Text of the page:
The global offshore wind market grew nearly 30% per year between 2010 and 2018, according to the IEA, due to rapid technology improvements, It calculated that about 150 new offshore wind projects are in active development around the world. Europe in particular has fostered the technology's development, led by Britain, Germany and Denmark, but China added more capacity than any other country in 2018.

A report for the Irish Wind Energy Assocation (IWEA) by the Carbon Trust – a British government-backed limited company established to accelerate Britain's move to a low carbon economy - says there are currently 14 fixed-bottom wind energy projects, four floating wind projects and one project that has yet to choose a technology at some stage of development in Irish waters. Some of these projects are aiming to build before 2030 to contribute to the 5GW target set by the Irish government, and others are expected to build after 2030. These projects have to secure planning permission, obtain a grid connection and also be successful in a competitive auction in the Renewable Electricity Support Scheme (RESS).

The electricity generated by each turbine is collected by an offshore electricity substation located within the wind farm. Seabed cables connect the offshore substation to an onshore substation on the coast. These cables transport the electricity to land from where it will be used to power homes, farms and businesses around Ireland. The offshore developer works with EirGrid, which operates the national grid, to identify how best to do this and where exactly on the grid the project should connect.

The new Marine Planning and Development Management Bill will create a new streamlined system for planning permission for activity or infrastructure in Irish waters or on the seabed, including offshore wind farms. It is due to be published before the end of 2020 and enacted in 2021.

There are a number of companies aiming to develop offshore wind energy off the Irish coast and some of the larger ones would be ESB, SSE Renewables, Energia, Statkraft and RWE.

There are a number of companies aiming to develop offshore wind energy off the Irish coast and some of the larger ones would be ESB, SSE Renewables, Energia, Statkraft and RWE. Is there scope for community involvement in offshore wind? The IWEA says that from the early stages of a project, the wind farm developer "should be engaging with the local community to inform them about the project, answer their questions and listen to their concerns". It says this provides the community with "the opportunity to work with the developer to help shape the final layout and design of the project". Listening to fishing industry concerns, and how fishermen may be affected by survey works, construction and eventual operation of a project is "of particular concern to developers", the IWEA says. It says there will also be a community benefit fund put in place for each project. It says the final details of this will be addressed in the design of the RESS (see below) for offshore wind but it has the potential to be "tens of millions of euro over the 15 years of the RESS contract". The Government is also considering the possibility that communities will be enabled to invest in offshore wind farms though there is "no clarity yet on how this would work", the IWEA says.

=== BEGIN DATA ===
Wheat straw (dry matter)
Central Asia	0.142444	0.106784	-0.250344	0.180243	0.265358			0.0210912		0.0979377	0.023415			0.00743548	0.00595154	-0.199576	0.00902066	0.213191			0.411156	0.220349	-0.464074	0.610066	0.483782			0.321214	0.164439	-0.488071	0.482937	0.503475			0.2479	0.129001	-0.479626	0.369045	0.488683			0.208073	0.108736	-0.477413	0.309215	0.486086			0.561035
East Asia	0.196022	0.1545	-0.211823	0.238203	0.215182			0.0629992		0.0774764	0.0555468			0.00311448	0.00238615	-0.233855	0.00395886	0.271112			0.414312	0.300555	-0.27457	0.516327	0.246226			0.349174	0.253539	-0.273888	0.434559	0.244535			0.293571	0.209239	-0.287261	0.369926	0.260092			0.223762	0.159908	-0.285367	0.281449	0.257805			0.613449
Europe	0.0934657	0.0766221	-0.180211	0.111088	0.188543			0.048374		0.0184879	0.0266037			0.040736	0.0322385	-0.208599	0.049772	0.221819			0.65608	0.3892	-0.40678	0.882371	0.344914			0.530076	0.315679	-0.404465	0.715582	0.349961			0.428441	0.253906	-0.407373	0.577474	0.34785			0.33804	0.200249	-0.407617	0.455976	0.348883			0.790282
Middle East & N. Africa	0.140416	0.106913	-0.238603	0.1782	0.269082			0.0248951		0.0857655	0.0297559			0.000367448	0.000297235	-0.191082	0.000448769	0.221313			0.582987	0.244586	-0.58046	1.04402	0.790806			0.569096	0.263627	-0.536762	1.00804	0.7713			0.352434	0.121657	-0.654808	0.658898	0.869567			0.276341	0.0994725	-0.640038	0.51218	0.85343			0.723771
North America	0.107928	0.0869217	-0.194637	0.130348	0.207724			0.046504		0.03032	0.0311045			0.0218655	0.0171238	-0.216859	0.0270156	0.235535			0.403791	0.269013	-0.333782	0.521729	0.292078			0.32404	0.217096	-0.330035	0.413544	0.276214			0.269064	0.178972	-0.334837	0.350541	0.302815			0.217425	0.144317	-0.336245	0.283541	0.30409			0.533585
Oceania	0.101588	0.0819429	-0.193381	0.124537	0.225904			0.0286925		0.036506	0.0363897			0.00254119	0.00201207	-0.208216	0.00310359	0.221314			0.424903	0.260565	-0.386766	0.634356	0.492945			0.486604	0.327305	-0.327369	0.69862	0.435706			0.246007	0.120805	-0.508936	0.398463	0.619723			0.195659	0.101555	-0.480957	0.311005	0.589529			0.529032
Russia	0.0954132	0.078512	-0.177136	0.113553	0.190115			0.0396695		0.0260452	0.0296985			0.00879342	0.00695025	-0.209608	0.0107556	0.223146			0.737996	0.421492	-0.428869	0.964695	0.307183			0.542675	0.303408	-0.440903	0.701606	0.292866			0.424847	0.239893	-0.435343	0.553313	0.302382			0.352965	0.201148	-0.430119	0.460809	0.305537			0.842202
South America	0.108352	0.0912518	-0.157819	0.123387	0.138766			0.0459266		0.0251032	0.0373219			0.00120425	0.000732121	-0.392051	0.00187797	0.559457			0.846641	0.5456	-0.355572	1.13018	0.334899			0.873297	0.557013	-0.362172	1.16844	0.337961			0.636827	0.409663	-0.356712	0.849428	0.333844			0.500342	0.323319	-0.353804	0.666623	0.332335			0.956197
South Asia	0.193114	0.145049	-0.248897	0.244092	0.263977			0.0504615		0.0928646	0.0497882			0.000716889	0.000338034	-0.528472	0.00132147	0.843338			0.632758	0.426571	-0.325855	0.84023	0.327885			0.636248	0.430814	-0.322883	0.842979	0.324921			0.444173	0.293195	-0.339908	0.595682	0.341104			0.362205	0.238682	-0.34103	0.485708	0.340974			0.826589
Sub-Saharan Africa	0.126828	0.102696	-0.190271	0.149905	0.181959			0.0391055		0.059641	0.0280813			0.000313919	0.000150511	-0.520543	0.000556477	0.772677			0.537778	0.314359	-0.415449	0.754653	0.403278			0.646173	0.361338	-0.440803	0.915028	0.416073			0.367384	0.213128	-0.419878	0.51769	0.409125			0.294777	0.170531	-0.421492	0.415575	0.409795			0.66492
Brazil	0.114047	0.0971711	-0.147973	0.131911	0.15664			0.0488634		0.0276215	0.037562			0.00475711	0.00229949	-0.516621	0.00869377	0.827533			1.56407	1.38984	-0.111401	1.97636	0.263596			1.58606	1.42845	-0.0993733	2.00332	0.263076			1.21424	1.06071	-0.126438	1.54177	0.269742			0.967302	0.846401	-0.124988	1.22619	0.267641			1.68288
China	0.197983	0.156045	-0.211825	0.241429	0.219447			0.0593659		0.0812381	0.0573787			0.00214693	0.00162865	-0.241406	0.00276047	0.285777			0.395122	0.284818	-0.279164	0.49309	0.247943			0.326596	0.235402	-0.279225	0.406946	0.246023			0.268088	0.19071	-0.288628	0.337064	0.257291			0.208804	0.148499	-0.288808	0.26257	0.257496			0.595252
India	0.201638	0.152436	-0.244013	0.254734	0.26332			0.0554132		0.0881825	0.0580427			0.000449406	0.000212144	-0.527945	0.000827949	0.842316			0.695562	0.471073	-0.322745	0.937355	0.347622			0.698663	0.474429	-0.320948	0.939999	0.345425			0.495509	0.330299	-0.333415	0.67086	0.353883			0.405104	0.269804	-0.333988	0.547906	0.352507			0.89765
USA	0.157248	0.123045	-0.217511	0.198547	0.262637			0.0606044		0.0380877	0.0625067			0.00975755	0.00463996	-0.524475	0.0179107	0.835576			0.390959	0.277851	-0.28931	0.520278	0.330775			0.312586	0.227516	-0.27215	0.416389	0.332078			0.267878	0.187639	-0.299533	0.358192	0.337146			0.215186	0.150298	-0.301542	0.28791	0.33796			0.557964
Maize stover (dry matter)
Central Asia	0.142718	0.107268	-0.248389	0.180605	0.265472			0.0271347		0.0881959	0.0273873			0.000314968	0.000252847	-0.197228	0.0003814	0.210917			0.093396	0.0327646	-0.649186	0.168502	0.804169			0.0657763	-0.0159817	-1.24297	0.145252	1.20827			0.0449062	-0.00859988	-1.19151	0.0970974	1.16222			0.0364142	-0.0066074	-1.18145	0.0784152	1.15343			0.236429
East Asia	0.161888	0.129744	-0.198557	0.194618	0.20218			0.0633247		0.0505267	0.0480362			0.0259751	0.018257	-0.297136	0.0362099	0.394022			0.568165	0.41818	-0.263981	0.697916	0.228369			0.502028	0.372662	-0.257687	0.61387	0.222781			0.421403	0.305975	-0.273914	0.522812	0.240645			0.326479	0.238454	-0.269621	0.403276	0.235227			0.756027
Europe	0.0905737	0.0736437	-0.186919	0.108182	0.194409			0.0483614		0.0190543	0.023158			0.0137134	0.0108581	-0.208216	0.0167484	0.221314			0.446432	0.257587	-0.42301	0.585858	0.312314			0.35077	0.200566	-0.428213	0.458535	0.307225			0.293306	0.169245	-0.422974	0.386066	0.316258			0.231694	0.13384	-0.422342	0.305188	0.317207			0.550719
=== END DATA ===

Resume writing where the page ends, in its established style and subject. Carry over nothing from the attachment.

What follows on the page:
Based on current plans, it would amount to around 12 GW of offshore wind energy. However, the IWEA points out that is unlikely that all of the projects planned will be completed. The industry says there is even more significant potential for floating offshore wind off Ireland's west coast and the Programme for Government contains a commitment to develop a long-term plan for at least 30 GW of floating offshore wind in our deeper waters.

There are many different models of turbines. The larger a turbine, the more efficient it is in producing electricity at a good price. In choosing a turbine model the developer will be conscious of this ,but also has to be aware the impact of the turbine on the environment, marine life, biodiversity and visual impact. As a broad rule an offshore wind turbine will have a tip-height of between 165m and 215m tall. However, turbine technology is evolving at a rapid rate with larger more efficient turbines anticipated on the market in the coming years.

 

The Renewable Electricity Support Scheme is designed to support the development of renewable energy projects in Ireland. Under the scheme wind farms and solar farms compete against each other in an auction with the projects which offer power at the lowest price awarded contracts. These contracts provide them with a guaranteed price for their power for 15 years. If they obtain a better price for their electricity on the wholesale market they must return the difference to the consumer.

Yes. The first auction for offshore renewable energy projects is expected to take place in late 2021.